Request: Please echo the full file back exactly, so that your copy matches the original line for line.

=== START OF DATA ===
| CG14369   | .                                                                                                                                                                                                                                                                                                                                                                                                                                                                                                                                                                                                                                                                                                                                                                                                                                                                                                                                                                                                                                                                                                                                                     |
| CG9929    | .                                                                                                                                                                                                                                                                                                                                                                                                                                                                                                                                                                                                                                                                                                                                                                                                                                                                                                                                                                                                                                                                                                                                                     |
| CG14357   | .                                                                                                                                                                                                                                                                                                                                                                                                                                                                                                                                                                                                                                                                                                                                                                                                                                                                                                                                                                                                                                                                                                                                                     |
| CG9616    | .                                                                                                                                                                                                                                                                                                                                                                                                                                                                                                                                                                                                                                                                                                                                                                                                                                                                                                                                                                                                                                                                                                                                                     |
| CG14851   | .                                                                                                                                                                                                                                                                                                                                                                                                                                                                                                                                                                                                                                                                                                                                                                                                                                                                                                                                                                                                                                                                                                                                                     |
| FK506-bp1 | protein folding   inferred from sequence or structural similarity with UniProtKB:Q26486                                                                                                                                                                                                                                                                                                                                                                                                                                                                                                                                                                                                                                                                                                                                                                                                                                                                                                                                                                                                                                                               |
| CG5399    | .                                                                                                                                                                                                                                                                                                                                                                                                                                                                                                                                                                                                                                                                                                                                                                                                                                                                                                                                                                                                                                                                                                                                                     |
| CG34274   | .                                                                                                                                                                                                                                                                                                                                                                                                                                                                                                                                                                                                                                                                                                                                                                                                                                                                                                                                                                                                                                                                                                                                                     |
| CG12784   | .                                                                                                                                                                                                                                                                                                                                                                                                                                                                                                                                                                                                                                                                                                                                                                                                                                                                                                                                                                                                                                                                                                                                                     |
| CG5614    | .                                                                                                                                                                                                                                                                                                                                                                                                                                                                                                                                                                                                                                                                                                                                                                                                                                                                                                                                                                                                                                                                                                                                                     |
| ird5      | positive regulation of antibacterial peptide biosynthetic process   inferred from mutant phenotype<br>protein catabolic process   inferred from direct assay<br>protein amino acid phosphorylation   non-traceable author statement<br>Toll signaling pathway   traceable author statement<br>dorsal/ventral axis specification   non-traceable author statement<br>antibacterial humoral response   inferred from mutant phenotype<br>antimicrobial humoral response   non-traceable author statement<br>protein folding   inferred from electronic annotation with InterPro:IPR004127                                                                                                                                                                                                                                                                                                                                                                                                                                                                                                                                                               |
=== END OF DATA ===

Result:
| CG14369   | .                                                                                                                                                                                                                                                                                                                                                                                                                                                                                                                                                                                                                                                                                                                                                                                                                                                                                                                                                                                                                                                                                                                                                     |
| CG9929    | .                                                                                                                                                                                                                                                                                                                                                                                                                                                                                                                                                                                                                                                                                                                                                                                                                                                                                                                                                                                                                                                                                                                                                     |
| CG14357   | .                                                                                                                                                                                                                                                                                                                                                                                                                                                                                                                                                                                                                                                                                                                                                                                                                                                                                                                                                                                                                                                                                                                                                     |
| CG9616    | .                                                                                                                                                                                                                                                                                                                                                                                                                                                                                                                                                                                                                                                                                                                                                                                                                                                                                                                                                                                                                                                                                                                                                     |
| CG14851   | .                                                                                                                                                                                                                                                                                                                                                                                                                                                                                                                                                                                                                                                                                                                                                                                                                                                                                                                                                                                                                                                                                                                                                     |
| FK506-bp1 | protein folding   inferred from sequence or structural similarity with UniProtKB:Q26486                                                                                                                                                                                                                                                                                                                                                                                                                                                                                                                                                                                                                                                                                                                                                                                                                                                                                                                                                                                                                                                               |
| CG5399    | .                                                                                                                                                                                                                                                                                                                                                                                                                                                                                                                                                                                                                                                                                                                                                                                                                                                                                                                                                                                                                                                                                                                                                     |
| CG34274   | .                                                                                                                                                                                                                                                                                                                                                                                                                                                                                                                                                                                                                                                                                                                                                                                                                                                                                                                                                                                                                                                                                                                                                     |
| CG12784   | .                                                                                                                                                                                                                                                                                                                                                                                                                                                                                                                                                                                                                                                                                                                                                                                                                                                                                                                                                                                                                                                                                                                                                     |
| CG5614    | .                                                                                                                                                                                                                                                                                                                                                                                                                                                                                                                                                                                                                                                                                                                                                                                                                                                                                                                                                                                                                                                                                                                                                     |
| ird5      | positive regulation of antibacterial peptide biosynthetic process   inferred from mutant phenotype<br>protein catabolic process   inferred from direct assay<br>protein amino acid phosphorylation   non-traceable author statement<br>Toll signaling pathway   traceable author statement<br>dorsal/ventral axis specification   non-traceable author statement<br>antibacterial humoral response   inferred from mutant phenotype<br>antimicrobial humoral response   non-traceable author statement<br>protein folding   inferred from electronic annotation with InterPro:IPR004127                                                                                                                                                                                                                                                                                                                                                                                                                                                                                                                                                               |